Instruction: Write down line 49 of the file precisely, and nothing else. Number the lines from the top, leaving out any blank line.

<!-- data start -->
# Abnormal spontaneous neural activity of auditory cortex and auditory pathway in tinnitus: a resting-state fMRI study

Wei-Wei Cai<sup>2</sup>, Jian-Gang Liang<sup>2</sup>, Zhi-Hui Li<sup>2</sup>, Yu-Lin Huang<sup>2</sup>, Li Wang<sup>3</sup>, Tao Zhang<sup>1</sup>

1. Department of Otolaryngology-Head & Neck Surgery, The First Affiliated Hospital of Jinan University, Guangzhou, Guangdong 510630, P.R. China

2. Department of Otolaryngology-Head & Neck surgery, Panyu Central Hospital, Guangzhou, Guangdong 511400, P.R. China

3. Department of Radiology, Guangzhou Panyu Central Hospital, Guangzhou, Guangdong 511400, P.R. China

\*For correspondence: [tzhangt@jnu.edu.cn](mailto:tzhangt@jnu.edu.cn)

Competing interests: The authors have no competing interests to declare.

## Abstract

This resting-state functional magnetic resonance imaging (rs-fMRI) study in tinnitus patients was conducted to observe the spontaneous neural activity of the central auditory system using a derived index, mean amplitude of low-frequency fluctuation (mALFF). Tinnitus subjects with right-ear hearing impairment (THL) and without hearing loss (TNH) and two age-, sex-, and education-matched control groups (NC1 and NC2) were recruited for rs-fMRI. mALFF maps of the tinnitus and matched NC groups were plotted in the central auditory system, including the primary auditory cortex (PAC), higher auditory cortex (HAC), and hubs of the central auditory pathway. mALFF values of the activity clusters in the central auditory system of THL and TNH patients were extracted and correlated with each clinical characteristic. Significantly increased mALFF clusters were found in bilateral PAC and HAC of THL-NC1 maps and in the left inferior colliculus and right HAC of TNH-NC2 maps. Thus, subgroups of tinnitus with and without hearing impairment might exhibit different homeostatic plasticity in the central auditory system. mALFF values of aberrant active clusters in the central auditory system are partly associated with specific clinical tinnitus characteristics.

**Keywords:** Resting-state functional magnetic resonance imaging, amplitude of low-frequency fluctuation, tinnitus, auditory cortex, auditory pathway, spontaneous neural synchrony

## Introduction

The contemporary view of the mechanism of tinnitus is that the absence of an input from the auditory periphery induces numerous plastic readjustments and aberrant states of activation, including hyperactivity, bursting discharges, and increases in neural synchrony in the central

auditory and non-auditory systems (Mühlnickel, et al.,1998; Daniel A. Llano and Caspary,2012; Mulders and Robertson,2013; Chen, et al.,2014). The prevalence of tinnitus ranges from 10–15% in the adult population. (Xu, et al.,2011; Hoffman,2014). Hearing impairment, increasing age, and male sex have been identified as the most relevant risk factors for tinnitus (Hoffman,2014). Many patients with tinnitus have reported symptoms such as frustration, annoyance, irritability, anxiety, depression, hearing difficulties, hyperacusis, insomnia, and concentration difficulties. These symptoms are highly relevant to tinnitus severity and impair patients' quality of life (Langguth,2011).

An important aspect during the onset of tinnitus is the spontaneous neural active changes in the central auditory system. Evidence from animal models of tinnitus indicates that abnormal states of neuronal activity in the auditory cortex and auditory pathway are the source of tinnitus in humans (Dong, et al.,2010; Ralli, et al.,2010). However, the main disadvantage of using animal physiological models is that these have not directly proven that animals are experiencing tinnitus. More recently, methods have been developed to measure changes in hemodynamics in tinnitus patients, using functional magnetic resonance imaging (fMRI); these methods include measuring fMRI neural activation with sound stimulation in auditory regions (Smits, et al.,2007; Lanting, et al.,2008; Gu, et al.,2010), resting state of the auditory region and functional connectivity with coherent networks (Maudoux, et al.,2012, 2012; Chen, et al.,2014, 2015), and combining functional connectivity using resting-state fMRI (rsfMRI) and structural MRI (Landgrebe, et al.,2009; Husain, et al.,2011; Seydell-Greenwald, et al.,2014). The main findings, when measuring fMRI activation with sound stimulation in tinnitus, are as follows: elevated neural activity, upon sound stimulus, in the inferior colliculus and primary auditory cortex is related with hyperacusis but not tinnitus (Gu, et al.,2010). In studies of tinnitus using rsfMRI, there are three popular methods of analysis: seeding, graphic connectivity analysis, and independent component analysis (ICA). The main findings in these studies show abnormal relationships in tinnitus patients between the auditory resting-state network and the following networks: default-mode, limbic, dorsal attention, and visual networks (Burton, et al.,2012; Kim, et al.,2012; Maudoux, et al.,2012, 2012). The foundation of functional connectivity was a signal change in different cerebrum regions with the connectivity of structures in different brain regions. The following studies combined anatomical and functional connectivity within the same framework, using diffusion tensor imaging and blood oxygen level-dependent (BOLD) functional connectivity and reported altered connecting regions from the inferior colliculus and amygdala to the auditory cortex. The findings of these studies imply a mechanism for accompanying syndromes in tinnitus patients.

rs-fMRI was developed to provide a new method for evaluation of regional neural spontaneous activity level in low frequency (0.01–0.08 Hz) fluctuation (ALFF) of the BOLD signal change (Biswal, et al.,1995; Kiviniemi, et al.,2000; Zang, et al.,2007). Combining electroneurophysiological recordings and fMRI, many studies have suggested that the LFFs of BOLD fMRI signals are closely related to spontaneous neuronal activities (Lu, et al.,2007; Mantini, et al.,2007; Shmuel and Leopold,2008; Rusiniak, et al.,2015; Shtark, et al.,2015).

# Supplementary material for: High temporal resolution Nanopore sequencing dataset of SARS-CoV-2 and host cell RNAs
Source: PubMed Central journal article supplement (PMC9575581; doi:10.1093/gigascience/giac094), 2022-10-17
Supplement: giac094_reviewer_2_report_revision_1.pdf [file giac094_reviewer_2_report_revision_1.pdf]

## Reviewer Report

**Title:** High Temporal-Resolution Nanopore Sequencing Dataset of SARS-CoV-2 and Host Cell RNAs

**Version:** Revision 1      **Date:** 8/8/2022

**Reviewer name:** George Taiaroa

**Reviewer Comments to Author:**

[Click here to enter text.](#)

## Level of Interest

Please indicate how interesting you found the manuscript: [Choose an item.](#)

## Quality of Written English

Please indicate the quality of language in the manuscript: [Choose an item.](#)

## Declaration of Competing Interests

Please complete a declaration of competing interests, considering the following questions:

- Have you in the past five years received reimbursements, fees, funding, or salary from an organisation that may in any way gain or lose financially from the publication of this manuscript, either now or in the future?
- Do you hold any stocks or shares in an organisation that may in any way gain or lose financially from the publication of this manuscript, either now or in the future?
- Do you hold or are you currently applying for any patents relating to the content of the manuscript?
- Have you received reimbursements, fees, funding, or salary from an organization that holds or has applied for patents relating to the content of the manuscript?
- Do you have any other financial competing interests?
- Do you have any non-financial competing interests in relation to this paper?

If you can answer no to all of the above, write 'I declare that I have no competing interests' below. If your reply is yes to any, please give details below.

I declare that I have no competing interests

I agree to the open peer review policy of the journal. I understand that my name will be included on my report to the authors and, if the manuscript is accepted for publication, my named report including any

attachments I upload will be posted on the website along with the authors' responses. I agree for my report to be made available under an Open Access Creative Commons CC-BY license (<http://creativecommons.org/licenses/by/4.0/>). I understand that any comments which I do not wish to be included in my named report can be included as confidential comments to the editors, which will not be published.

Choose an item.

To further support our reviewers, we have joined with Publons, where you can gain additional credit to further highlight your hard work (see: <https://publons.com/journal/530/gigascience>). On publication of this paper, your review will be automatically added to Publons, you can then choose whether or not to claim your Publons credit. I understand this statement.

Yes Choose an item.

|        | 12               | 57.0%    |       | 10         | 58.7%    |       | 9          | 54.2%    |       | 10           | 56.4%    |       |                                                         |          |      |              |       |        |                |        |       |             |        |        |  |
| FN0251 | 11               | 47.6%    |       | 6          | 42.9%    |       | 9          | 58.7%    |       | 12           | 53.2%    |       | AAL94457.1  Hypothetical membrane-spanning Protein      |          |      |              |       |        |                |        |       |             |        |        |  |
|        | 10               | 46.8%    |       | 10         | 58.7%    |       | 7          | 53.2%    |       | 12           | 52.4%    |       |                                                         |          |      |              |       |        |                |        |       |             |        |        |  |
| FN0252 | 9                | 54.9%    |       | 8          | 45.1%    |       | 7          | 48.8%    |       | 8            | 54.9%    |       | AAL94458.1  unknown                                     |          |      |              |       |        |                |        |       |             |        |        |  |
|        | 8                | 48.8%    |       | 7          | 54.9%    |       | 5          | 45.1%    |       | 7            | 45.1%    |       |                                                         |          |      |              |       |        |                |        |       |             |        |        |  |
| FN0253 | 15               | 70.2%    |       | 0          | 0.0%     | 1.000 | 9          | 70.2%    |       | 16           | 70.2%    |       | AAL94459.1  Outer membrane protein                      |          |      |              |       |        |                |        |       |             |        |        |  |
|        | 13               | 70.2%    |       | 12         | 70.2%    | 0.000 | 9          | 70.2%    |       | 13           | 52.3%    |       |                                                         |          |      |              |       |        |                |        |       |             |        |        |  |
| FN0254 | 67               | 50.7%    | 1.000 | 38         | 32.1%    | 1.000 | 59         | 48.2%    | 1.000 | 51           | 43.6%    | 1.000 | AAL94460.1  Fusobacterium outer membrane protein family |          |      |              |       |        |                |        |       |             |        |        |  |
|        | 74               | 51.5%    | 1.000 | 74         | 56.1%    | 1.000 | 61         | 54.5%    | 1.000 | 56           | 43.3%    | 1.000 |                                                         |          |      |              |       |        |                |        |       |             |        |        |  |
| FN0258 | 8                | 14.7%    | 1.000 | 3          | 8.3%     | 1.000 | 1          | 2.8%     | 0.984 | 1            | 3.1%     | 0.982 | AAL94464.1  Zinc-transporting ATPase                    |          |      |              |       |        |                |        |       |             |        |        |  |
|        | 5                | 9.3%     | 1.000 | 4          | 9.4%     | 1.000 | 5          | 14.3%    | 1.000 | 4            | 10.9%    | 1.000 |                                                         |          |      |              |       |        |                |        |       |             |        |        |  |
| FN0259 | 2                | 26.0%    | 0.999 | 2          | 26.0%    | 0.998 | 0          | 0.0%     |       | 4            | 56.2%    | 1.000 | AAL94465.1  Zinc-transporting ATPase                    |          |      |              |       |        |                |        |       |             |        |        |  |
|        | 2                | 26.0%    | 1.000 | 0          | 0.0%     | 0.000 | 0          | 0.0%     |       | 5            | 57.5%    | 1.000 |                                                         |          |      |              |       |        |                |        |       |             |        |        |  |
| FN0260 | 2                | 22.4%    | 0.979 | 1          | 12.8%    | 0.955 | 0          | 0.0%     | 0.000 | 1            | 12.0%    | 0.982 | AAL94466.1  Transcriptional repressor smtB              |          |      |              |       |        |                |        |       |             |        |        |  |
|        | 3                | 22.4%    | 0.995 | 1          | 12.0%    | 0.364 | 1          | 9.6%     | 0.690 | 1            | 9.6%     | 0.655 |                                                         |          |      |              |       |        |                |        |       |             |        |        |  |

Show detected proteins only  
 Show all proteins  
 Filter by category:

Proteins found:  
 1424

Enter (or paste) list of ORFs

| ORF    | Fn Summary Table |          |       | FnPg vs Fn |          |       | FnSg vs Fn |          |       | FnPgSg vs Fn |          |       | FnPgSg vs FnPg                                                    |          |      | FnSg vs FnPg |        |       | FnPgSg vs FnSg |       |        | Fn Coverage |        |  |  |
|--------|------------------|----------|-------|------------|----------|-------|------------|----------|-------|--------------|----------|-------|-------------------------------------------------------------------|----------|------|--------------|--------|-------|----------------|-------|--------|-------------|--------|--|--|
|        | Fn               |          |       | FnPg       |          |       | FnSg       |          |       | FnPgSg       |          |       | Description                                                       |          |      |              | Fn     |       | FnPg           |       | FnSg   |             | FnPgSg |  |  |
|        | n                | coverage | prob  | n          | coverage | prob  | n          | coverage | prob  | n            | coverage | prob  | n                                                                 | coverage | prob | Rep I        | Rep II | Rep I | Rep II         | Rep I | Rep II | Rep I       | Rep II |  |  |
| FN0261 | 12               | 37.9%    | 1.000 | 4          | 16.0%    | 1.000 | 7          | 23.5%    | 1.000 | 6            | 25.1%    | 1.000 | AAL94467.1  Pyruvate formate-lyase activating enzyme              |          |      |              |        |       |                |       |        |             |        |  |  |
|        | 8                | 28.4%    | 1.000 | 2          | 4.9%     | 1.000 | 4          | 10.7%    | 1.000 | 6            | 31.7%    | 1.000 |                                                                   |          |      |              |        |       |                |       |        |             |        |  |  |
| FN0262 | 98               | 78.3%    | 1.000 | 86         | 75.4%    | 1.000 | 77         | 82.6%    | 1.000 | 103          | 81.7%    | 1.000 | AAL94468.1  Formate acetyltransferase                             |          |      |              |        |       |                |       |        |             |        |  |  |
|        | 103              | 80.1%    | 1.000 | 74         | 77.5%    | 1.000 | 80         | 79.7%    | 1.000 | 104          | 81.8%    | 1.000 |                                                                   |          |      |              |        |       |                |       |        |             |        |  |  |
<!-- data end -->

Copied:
| FN0253 | 15               | 70.2%    |       | 0          | 0.0%     | 1.000 | 9          | 70.2%    |       | 16           | 70.2%    |       | AAL94459.1  Outer membrane protein                      |          |      |              |       |        |                |        |       |             |        |        |  |